January 18, 2016

Judith Hausman’s Blog – Hot Bread Kitchen – Urban Farm OnlineJudith Hausman, hot bread kitchen, apricot, hot bread, Union Square GreenmarketWhen I visited Union Square Greenmarket in mid-July, I discovered a visionary organization: Hot Bread Kitchen.When I visited Union Square Greenmarket in mid-July, I discovered a visionary organization: Hot Bread Kitchen.I was intrigued by the bakers- and business-women-in-training who worked Hot Bread Kitchen’s demo booth that day.jhausmanHot Bread KitchenBy Judith Hausman, Urban Farm ContributorWednesday, July 24, 2011

Hot Bread Kitchen demo booth

Photo courtesy Judith Hausman

The bakers at Hot Bread Kitchen receive commercial baker training, as well as help with English, math and job-placement.

When I last meandered through the Union Square Greenmarket, in New York City, in mid-July, I made two discoveries: First, there were already plums and peaches, and I had hit the brief local apricot season just right. (Bought six, poached them in a little peach liqueur, served ’em with raspberry-lemon pound cake I had made — whoa!) Second, I discovered Hot Bread Kitchen.

Focaccia

Photo courtesy Judith Hausman

Hot Bread Kitchen offers a delectable selection of breads, such as seasonal focaccia topped with produce from local farms.

I was intrigued by the bakers- and business-women-in-training who worked Hot Bread Kitchen’s demo booth that day. (See recipe below.) Started in 2007 by Jessamyn Waldman Rodriguez, Hot Bread Kitchen “creates professional opportunities for low-income and foreign-born women while preserving baking traditions from around the world.”

The bakers-in-training are paid and receive not only commercial baking training but also help with English, math and job-placement.

A program of small-business “incubation,” with launching support for small food businesses, announced its first class of entrepreneurs this year. If a trainee wants to begin her own business, ongoing supervision, Food Handler certification and business planning are available as well. Hot Bread Kitchen’s offices are in Harlem, N.Y.

And the breads! The handmade tortillas are made with New York State-grown cornmeal that Hot Bread Kitchen grinds itself. Crispy lavash crackers are made with organic, New York State-grown and milled flour, as is the traditional multi-grain loaf. Seasonal focaccia are topped with produce from local farms. A round Sephardic challah is filled with cumin and caraway seeds. The latest bread in its line is buttery m’smen, a Moroccan flatbread, often eaten with honey. Even the simplest whole-wheat roll I sampled had just the right pull and crunch.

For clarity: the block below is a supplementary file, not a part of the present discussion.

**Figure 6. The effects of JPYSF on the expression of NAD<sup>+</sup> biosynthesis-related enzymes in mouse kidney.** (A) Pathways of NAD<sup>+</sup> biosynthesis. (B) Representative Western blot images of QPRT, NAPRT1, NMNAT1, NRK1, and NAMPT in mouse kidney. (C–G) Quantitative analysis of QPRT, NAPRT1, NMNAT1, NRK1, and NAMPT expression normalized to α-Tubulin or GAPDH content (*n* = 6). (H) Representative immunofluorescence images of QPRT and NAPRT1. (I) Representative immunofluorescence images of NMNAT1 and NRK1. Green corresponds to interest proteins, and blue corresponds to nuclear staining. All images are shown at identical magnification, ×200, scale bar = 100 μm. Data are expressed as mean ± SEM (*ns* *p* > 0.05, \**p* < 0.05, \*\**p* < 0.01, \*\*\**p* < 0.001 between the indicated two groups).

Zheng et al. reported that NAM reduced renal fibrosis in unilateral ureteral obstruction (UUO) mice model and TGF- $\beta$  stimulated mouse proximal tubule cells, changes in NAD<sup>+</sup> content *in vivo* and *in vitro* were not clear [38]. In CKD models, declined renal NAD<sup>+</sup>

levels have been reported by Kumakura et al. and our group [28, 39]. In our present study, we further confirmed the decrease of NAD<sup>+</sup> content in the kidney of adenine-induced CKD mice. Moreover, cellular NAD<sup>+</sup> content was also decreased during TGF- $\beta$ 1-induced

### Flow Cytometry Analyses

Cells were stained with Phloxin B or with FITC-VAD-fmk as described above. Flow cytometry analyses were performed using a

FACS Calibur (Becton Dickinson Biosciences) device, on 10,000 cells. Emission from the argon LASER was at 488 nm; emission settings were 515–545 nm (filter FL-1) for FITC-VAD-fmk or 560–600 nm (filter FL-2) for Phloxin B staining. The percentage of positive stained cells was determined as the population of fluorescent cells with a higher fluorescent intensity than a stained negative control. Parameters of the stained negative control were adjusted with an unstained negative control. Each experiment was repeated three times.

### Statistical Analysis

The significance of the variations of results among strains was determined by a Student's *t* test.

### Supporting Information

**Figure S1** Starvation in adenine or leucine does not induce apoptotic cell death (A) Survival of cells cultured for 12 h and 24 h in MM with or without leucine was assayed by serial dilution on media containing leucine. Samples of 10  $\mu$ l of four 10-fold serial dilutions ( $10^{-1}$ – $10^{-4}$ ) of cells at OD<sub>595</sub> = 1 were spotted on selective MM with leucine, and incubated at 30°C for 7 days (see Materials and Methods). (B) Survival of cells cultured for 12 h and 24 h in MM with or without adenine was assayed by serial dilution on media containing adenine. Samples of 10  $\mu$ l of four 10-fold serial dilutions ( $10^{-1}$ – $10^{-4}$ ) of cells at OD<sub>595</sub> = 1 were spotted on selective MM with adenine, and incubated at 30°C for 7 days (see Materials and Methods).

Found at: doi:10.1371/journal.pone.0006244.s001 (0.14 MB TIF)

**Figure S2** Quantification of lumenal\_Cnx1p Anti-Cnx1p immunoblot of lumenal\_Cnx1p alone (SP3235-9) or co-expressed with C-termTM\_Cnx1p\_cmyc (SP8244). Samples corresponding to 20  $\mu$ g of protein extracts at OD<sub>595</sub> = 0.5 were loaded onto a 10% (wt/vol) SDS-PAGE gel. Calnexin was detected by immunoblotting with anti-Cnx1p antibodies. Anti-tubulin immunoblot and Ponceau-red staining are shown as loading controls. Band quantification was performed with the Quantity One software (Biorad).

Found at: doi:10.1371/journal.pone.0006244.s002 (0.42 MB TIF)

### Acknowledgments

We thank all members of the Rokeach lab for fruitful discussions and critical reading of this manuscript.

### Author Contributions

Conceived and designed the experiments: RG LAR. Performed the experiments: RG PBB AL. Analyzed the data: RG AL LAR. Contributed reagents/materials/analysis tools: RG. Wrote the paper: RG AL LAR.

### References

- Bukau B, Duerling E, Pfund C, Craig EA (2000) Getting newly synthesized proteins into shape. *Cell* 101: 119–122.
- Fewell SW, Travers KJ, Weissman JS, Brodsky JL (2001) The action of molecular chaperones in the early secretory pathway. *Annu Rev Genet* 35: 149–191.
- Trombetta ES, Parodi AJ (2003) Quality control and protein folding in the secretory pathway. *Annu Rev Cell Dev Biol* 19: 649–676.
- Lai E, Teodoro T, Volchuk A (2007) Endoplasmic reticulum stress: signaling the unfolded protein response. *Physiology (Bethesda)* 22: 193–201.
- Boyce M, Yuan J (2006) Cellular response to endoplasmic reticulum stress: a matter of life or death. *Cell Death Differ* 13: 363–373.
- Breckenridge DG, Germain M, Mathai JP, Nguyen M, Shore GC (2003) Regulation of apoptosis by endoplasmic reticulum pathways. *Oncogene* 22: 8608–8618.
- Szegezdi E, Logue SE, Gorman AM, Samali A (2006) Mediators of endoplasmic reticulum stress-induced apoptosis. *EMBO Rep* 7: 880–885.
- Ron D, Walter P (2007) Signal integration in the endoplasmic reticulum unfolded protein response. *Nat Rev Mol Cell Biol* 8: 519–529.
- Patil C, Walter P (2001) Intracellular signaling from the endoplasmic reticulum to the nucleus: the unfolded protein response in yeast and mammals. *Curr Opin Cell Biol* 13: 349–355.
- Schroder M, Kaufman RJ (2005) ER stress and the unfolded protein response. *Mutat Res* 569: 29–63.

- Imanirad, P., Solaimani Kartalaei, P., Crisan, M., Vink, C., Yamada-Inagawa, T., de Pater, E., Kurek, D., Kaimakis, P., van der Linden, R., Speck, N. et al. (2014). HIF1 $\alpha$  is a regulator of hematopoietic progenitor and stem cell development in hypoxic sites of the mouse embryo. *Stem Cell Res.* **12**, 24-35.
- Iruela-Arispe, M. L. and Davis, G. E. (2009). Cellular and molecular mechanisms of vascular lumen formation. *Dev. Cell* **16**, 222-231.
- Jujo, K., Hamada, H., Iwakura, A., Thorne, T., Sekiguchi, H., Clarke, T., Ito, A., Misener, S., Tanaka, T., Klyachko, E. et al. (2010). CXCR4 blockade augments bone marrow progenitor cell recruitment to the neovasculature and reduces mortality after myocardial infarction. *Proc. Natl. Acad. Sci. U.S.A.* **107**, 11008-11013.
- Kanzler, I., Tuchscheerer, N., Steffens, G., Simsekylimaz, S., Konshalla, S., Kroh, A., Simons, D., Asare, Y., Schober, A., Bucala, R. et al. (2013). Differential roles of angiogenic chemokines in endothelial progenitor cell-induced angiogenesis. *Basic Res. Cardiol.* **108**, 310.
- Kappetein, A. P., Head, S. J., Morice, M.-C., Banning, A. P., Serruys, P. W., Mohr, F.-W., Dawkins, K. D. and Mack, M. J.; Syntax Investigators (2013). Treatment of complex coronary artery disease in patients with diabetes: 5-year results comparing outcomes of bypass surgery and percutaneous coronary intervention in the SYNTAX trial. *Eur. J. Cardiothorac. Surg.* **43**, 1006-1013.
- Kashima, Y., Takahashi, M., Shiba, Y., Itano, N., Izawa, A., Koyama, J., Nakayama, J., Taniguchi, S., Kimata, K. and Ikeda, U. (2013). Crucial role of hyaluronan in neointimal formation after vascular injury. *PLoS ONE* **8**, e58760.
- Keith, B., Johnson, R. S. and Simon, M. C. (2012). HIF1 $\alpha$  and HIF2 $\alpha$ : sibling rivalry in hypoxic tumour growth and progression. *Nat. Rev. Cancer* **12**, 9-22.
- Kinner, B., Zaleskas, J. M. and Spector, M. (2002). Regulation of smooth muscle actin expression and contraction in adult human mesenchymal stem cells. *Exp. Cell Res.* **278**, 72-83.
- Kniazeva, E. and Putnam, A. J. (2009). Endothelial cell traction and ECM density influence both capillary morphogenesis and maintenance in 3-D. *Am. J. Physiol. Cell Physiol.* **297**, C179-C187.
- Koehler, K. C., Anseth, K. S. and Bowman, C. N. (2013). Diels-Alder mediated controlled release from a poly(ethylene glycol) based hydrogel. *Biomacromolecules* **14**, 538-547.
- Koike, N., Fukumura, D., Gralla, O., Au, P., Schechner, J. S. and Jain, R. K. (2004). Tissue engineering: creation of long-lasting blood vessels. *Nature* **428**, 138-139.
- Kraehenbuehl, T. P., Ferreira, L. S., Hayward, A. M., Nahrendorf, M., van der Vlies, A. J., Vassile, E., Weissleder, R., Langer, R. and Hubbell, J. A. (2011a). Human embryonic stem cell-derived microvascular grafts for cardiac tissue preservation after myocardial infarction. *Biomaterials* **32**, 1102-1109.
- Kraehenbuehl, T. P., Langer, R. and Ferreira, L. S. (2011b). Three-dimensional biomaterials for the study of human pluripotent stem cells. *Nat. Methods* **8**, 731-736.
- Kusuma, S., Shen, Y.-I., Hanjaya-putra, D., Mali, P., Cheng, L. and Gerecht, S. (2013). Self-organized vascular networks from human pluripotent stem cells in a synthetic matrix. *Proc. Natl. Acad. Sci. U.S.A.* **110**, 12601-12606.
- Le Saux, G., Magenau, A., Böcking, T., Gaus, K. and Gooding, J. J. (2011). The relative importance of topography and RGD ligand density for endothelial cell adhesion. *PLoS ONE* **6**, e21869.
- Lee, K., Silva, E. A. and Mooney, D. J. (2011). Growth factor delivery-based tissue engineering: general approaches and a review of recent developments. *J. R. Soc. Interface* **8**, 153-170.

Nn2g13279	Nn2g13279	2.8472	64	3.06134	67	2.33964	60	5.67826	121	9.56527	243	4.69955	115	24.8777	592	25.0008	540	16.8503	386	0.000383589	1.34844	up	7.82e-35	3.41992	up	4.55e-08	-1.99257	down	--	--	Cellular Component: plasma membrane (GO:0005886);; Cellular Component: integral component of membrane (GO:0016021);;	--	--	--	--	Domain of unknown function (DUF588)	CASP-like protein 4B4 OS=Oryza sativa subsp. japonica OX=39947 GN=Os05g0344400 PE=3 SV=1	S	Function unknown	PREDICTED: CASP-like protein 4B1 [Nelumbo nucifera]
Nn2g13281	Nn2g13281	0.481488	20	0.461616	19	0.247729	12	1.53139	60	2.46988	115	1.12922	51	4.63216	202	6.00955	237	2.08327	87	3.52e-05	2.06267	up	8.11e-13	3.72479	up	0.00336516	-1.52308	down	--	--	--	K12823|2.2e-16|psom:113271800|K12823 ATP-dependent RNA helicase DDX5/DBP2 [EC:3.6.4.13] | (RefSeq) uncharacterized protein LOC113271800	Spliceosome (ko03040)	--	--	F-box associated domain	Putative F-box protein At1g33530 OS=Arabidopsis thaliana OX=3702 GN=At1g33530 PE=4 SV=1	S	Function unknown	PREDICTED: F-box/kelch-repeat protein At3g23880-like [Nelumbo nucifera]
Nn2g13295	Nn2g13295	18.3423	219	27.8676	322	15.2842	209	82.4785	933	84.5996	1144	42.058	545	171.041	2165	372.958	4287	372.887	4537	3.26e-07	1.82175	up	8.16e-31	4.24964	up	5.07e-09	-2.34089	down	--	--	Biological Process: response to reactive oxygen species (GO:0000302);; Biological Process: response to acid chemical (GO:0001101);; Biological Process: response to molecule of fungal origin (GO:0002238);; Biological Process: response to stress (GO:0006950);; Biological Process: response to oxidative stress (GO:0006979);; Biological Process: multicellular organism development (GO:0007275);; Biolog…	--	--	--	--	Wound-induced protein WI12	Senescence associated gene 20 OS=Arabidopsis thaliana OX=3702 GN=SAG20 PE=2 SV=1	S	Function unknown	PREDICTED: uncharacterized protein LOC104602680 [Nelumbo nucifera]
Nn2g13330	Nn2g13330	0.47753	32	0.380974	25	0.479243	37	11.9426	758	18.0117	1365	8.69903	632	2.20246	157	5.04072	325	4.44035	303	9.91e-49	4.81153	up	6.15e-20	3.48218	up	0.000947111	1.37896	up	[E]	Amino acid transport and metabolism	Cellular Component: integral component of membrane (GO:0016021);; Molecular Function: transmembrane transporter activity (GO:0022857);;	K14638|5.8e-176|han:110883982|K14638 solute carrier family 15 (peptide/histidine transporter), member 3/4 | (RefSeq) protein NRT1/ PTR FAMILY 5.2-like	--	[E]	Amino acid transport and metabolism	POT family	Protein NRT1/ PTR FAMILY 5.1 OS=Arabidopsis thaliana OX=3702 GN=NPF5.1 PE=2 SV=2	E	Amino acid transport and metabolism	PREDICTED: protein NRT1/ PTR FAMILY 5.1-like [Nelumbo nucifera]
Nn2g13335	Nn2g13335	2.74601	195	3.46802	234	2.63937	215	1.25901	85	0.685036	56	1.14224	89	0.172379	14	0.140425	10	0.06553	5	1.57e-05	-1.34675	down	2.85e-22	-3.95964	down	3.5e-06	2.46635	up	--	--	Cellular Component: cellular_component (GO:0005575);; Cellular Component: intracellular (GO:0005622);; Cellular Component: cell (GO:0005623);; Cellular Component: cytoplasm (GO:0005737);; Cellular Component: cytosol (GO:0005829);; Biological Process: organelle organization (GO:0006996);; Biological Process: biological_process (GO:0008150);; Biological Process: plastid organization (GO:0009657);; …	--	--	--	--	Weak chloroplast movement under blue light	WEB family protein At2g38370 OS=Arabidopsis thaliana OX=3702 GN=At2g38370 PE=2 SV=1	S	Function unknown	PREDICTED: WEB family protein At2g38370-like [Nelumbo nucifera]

Immigrant women are trained and empowered, and their traditions are also valued and honored. The women’s many delicious contributions to the city are celebrated in the wonderful breads at the same time that small businesses and new livelihoods are created. That day at the Greenmarket, finding another visionary organization, which uses food to help people roll up their sleeves and change their lives, made me feel as good as the rosy apricots did.

Recipe: Hot Bread Kitchen Quesadillas



Ingredients


1 package handmade tortillas
4 ounces sharp cheddar, Monterey Jack or other meltable cheese, sliced
1 tablespoon oil
1 medium onion, sliced


Preparation

Sauté the onion in the oil over low heat until soft but not browned — 15 to 20 minutes. Heat another skillet or griddle and lay one tortilla on it, followed by the cheese slices and a spoonful or two of the onions. Top with a second tortilla and cook about 2 minutes on each side until the cheese has melted. Serve with salsa, sour cream, avocado and chopped cilantro.

 

Read more of The Hungry Locavore »

Judith Hausman

Judith Hausman
As a long-time freelance food writer, Judith Hausman has written about every aspect of food, but local producers and artisanal traditions remain closest to her heart. Eating close to home takes this seasonal eater through a journey of delights and dilemmas, one tiny deck garden, farmers’ market discovery and easy-as-pie recipe at a time. She writes from a still-bucolic but ever-more-suburban town in the New York City ‘burbs.

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